Fall New Moon of the Southern Cross
At 2 pm today the pollywogs, members of the crew who had never crossed the equator, heard their “crimes” declared as they came before King Neptune, the ship’s captain dressed in a Halloween style costume with long beard and trident. Neptune had a queen, dressed for décolletage in a sea-green dress.
An example of a crime should suffice. A ship’s 4th officer stood accused of steering the ship in the wrong direction, just because he could. Before passing judgment, Neptune decreed that each pollywog had to kiss the fish, a frozen tarpon on a bed of ice.
Several of the male pollywogs lifted the tarpon out of its icy bed and with a flourish planted a kiss on either its lips or elsewhere along in its body. A few of they younger female members of the crew, flailed their arms in disgust and quickly wiped off the offending fishy flesh. All were then smeared in some colorful paste, after which Neptune and his queen decided if they should be “dunked or survive.” Most of the time the pollywogs received dunking, at which point one of the pirates shoved them into the pool.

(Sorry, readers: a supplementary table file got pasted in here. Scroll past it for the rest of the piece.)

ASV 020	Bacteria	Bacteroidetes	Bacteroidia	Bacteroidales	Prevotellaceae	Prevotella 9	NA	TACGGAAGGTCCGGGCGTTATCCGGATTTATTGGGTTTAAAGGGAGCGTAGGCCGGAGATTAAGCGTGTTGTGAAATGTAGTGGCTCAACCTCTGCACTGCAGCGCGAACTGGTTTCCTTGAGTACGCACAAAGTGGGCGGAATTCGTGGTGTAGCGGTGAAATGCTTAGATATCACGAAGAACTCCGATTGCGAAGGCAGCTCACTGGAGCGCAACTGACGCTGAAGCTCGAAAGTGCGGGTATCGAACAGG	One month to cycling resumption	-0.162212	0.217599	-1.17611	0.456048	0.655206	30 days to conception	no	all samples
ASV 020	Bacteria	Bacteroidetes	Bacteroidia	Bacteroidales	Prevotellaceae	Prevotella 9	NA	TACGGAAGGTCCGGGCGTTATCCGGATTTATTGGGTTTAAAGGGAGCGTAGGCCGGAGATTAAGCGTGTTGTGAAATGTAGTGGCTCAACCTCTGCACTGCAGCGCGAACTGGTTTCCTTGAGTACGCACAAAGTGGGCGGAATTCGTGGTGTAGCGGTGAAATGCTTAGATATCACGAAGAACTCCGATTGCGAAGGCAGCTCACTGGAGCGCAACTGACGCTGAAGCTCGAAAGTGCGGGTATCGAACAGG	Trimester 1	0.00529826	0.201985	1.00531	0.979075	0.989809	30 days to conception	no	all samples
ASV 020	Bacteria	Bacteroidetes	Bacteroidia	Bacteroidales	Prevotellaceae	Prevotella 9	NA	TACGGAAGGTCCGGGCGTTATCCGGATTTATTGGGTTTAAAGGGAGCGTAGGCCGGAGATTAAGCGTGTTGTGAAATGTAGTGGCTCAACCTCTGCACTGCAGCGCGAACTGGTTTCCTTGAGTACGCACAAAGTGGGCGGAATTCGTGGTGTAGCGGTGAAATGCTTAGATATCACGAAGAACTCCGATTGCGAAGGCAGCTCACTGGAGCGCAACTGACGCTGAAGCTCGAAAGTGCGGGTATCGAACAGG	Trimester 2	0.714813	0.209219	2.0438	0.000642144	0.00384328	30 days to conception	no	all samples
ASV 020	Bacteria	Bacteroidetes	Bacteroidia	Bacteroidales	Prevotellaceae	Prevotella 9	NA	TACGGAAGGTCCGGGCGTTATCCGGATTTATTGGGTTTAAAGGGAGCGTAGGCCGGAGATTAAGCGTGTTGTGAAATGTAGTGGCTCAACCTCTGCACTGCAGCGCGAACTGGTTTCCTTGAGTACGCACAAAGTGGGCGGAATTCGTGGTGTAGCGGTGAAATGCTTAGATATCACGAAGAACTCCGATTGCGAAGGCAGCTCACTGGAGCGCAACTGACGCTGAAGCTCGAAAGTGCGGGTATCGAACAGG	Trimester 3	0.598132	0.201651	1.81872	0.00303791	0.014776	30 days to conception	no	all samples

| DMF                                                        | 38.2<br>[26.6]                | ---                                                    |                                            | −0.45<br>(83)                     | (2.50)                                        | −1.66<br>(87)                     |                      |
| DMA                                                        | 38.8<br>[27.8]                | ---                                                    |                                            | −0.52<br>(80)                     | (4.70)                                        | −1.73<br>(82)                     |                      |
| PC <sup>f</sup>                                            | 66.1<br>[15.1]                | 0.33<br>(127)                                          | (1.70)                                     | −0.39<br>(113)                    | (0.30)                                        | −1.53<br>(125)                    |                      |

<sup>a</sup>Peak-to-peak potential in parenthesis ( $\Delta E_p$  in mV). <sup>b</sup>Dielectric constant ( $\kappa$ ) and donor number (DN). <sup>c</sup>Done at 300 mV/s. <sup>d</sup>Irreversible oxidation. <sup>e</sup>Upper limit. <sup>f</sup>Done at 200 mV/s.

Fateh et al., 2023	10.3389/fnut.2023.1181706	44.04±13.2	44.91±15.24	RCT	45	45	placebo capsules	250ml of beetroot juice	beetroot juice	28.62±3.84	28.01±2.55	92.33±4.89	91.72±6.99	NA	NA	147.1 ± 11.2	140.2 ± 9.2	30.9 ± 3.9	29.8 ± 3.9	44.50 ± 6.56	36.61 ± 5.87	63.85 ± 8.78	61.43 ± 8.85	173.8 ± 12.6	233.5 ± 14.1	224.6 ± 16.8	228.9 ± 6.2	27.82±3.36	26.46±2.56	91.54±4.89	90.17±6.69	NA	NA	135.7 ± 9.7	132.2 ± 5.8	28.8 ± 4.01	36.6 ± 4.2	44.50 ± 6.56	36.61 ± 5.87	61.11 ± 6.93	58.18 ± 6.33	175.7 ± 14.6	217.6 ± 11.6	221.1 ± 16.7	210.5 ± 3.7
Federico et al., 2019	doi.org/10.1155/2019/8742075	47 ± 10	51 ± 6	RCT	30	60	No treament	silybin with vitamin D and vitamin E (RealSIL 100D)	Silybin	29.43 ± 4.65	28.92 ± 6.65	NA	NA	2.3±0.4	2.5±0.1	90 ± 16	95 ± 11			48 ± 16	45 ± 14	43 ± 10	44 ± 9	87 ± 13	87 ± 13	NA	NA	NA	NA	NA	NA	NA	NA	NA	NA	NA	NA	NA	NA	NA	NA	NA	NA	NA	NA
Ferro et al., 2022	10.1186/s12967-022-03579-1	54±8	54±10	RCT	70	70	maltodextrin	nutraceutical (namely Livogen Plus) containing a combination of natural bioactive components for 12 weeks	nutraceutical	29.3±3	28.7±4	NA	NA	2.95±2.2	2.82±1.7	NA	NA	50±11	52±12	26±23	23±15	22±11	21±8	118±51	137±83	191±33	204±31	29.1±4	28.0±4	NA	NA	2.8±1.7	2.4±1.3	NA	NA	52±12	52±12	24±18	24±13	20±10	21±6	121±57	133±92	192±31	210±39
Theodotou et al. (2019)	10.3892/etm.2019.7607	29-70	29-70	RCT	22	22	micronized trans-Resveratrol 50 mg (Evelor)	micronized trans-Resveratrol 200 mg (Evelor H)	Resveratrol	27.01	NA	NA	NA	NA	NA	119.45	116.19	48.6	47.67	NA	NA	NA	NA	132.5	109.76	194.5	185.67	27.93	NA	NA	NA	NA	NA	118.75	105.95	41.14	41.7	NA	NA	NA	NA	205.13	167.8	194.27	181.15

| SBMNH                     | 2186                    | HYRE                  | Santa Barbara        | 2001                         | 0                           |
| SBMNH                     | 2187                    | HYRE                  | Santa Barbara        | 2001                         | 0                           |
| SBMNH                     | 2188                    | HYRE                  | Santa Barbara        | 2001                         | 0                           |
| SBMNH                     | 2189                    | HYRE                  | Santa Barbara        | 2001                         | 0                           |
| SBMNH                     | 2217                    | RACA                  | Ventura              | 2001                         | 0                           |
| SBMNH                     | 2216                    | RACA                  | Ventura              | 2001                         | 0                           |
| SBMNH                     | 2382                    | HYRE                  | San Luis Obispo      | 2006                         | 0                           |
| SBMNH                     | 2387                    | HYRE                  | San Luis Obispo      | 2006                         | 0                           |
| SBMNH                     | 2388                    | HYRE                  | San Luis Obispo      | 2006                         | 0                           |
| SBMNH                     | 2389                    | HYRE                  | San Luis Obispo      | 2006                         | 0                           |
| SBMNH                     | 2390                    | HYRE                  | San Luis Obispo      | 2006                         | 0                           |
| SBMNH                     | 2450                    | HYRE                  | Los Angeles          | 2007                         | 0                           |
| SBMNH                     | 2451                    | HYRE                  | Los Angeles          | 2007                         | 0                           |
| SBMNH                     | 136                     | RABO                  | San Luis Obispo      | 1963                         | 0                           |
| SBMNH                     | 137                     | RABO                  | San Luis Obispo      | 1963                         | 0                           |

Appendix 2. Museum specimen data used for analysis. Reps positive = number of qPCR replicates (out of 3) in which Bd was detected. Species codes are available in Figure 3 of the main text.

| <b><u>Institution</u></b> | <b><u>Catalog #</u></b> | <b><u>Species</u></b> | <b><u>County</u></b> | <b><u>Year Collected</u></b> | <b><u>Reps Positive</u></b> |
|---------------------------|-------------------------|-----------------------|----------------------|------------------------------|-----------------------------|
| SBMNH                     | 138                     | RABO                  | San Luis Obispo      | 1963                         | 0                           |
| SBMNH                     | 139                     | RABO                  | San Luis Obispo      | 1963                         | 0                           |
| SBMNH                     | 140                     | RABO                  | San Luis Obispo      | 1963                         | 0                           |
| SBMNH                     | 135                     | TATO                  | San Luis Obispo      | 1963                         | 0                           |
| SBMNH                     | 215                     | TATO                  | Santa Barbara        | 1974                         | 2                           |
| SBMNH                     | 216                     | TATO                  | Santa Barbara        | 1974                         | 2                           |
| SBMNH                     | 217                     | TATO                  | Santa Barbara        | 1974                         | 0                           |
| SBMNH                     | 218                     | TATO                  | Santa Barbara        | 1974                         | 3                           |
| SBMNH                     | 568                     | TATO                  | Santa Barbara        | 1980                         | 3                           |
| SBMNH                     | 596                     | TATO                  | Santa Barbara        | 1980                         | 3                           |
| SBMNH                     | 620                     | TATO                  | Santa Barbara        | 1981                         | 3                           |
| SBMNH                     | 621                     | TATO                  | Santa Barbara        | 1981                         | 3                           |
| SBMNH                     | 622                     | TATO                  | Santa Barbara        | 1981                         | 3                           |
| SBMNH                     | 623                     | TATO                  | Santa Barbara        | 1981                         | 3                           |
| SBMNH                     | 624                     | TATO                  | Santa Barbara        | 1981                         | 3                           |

In the end all were brought before Neptune for final judgment. He forgave them all their crimes and decreed they be pollywogs no more, forever.
Since I had hoped to be included (on no evidence whatsoever), the ceremony disappointed me. It was, too, over the top in a way that might have been fun, but largely wasn’t. Kissing the fish came the closest to a real ordeal. Still, this is a long standing tradition among maritime crews and I enjoyed seeing it.
The captain says we will actually cross the equator between one and two o’clock tonight. At the moment our position is 2 degrees and 21 minutes N, 80 degrees and 16 minutes west. If I can, I may get up just to observe the moment, since this will be my first time.
Tomorrow we come to the port in Manta, Ecuador, a pre-contact city of 250,000 current population which has a large tuna fishing industry. We have no excursions scheduled here though we’ll probably take a shuttle through this working port, pick up another shuttle at the port entrance and see some of downtown Manta.
All of our ports so far since leaving the US have been working ports, meaning we can’t walk around the port area as is possible in cruise only ports like New York City and Ft. Lauderdale. We anchored off the San Blas islands and off Fuerte Amador, using tenders instead to get to land transportation. Some people find the working ports off putting, but I find the window they give into a nation’s economy interesting.